It is hard to believe that only eight months ago I announced the launch of the USC Arts in Action program borne out of the Provost’s Arts and Humanities Initiative. It’s been a busy few months for this program that supports USC arts activities for positive social change and gives USC artists a chance to collaborate with our Los Angeles neighbors. Below are just a few of the recent USC Arts in Action achievements:
- Awarded funding to six faculty-and partner-designed projects that span a range of topics including hip-hop choreography by K-12 students, veterans exploring experiences of conflict through Greek drama, and a cohort of trained therapeutic medical clowns delivering play-based therapy to foster youth counselors.
- Established or supported partnerships with 16 organizations and 11 USC schools. Collaborations with K-12 schools, non-profits, museums, and collectives. All of the projects have featured the combined expertise of faculty and/or students from at least two USC schools.
- Launched artsinaction.usc.edu. The home page includes information about all of the projects, access to Request for Proposals, links to partners, and more.
- Self-produced two launch projects in partnership with five of USC’s art schools. Artists Addressing Homelessness and Jails and Justice: Rethinking Public Safety through the Arts were co-designed and executed with Skid Row’s Urban Voices Project and Black Lives Matter Los Angeles, among other community groups, and featured USC students in collaboration with community performers.
Regarding that last point, actress and producer Gina Belafonte, who directed a new theatrical work Theatre of the Oppressed for the Jails and Justice collective presentation, said the public performance was an important vehicle for deeper understanding and dialogue as it relates to the ongoing issues of incarceration in America and, in particular, in California.
“The arts open hearts and minds to new understandings of old problems. They help audiences develop empathy and mercy,” Belafonte said.
Jails and Justice brought together students from USC Kaufman School of Dance and the USC School of Architecture and performers from USC’s Institute for Theatre and Social Change and Black Lives Matter Los Angeles to collectively rethink and explore incarceration and racism.
Funmilola Fagbamila, one of the original organizers of the Black Lives Matter Movement and adjunct professor of Pan African Studies at Cal State LA, is an artist and activist, who hosted the Jails and Justice event and co-directed one of the theatrical works. She said she wanted to participate in the project to highlight the devastation and hypocrisy of the modern criminal justice system.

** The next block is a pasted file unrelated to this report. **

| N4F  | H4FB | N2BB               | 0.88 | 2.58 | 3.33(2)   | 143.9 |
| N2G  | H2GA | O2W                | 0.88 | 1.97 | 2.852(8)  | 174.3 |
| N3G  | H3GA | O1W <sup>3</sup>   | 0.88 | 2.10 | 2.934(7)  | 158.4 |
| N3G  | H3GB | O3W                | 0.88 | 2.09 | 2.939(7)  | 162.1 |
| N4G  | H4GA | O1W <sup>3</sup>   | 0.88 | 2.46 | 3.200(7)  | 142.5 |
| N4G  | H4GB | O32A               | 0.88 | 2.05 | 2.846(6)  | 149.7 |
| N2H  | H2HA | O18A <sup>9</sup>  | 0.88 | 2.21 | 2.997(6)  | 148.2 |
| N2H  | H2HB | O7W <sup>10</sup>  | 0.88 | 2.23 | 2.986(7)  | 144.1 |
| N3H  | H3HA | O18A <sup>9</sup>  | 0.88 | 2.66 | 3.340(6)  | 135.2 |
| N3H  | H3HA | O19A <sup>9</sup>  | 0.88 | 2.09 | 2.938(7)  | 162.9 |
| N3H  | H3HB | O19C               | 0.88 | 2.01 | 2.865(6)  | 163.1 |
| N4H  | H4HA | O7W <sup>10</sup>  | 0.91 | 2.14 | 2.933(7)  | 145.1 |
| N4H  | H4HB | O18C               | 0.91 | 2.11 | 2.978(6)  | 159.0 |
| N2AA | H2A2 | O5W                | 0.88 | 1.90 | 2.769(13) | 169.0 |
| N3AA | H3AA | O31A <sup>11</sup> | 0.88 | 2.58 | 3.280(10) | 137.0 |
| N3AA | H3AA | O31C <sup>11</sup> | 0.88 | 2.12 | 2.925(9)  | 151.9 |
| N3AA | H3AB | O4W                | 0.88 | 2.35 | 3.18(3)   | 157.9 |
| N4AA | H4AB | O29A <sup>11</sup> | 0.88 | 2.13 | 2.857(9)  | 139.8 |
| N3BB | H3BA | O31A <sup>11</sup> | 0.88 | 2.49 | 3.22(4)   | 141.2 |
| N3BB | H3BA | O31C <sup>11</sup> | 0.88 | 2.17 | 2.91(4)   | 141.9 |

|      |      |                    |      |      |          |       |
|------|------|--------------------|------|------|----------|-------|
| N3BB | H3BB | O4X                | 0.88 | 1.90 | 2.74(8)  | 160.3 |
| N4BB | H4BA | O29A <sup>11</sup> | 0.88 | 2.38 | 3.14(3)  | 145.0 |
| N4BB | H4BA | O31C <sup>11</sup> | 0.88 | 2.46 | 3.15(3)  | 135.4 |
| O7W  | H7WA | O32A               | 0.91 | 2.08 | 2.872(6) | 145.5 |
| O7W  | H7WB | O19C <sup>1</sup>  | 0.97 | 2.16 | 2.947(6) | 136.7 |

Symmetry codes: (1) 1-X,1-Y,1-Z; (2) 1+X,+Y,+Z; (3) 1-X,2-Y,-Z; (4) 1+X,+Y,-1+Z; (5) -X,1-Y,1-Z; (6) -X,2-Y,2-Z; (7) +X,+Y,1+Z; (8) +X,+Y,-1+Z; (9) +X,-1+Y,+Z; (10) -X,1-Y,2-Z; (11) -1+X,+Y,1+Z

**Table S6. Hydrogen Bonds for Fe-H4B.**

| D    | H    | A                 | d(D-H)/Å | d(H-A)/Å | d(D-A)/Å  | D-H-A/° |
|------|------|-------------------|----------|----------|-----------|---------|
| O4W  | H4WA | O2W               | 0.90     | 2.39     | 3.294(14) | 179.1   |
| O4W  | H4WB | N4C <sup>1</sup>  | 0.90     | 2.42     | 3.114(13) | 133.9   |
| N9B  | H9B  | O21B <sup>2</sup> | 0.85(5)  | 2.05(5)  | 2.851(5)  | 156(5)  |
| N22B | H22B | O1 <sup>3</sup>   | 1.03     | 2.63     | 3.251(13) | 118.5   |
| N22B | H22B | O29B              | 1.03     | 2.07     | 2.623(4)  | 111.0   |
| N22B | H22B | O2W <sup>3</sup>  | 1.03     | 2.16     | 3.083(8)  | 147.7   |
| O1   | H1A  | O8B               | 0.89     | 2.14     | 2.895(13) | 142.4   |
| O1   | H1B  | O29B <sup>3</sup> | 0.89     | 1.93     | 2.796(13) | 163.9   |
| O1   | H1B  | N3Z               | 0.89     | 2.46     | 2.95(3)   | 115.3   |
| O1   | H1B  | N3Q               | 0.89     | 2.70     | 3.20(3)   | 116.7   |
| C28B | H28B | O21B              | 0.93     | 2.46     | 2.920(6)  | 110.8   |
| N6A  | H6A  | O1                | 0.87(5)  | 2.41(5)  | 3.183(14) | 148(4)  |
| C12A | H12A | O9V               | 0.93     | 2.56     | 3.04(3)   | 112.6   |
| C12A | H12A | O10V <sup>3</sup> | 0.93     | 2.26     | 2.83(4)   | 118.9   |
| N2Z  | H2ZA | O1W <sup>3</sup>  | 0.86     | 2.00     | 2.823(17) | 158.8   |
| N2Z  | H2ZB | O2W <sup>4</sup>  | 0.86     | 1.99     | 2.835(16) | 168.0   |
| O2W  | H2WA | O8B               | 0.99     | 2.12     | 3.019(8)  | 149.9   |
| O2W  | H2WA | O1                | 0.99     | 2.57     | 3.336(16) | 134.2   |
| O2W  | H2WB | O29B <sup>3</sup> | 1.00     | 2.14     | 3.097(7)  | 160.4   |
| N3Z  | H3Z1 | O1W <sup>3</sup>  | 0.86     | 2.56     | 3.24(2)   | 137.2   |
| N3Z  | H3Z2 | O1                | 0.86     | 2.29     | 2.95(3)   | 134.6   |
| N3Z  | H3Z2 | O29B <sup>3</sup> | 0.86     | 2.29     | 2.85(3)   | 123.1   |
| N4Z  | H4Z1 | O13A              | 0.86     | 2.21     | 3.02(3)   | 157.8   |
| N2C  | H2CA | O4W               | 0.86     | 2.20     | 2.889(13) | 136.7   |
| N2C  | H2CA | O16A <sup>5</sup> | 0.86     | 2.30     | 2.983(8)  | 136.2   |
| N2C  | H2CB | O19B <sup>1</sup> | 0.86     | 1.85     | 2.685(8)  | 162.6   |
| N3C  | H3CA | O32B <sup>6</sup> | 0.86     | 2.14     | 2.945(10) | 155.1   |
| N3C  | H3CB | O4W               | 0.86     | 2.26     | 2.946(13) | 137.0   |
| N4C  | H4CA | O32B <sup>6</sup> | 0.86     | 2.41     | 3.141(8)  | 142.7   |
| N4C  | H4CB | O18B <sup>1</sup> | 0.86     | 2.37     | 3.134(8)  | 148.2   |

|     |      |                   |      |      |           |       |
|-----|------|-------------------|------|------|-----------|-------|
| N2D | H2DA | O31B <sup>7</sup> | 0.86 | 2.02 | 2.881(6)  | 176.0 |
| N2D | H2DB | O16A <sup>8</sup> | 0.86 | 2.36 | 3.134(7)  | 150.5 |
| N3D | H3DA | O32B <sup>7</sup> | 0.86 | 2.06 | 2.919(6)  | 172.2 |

“Inspired by the Black Arts Movement of the Black Power Era, this collective moves within the tradition of conceptualizing, creating, and highlighting artistic works made to contribute to the actualization of a just and liberated world for Black people,” Fagbamila said. “There has been no revolutionary justice movement in history of this world that I am aware of that did not have powerfully moving art to fuel the fire of the resistance and to feed the spirit of those advocating for justice.”
In addition to the transformative power of the program, Arts in Action is first and foremost a community effort. The program challenges us to turn artistic energy outward to engage and partner with the communities and neighborhoods of Los Angeles that we all call home.
“Theatre and social change at USC School of Dramatic Arts has a had a 25-year history working with dozens of grass-roots organizations on issues ranging from homelessness, poverty, income inequality, renters rights, social justice and prison reform, racial justice, gender justice and trans rights, drug and alcohol recovery, and increased efficacy of programs in schools, hospitals, and social service agencies here in Los Angeles and around the world,” said Brent Blair, USC School of Dramatic Arts Associate Professor of Theatre Practice and Head of Theatre and Social Change. “Without community, there is no theatre and social change. Fostering community co-participating is extremely crucial not only to maintain a sense of postcolonial ethics of shared governance and artistic creation, but to transform people who participate from artistic consumers to artistic creators.”
As a leading research institution, we have a duty and commitment to confront 21stCentury challenges and offer solutions to the multifaceted problems of our time. A program like USC Arts in Action is just one way we will begin to confront and find solutions to the challenges facing our University and surrounding communities.
–Michael W. Quick, June 13, 2019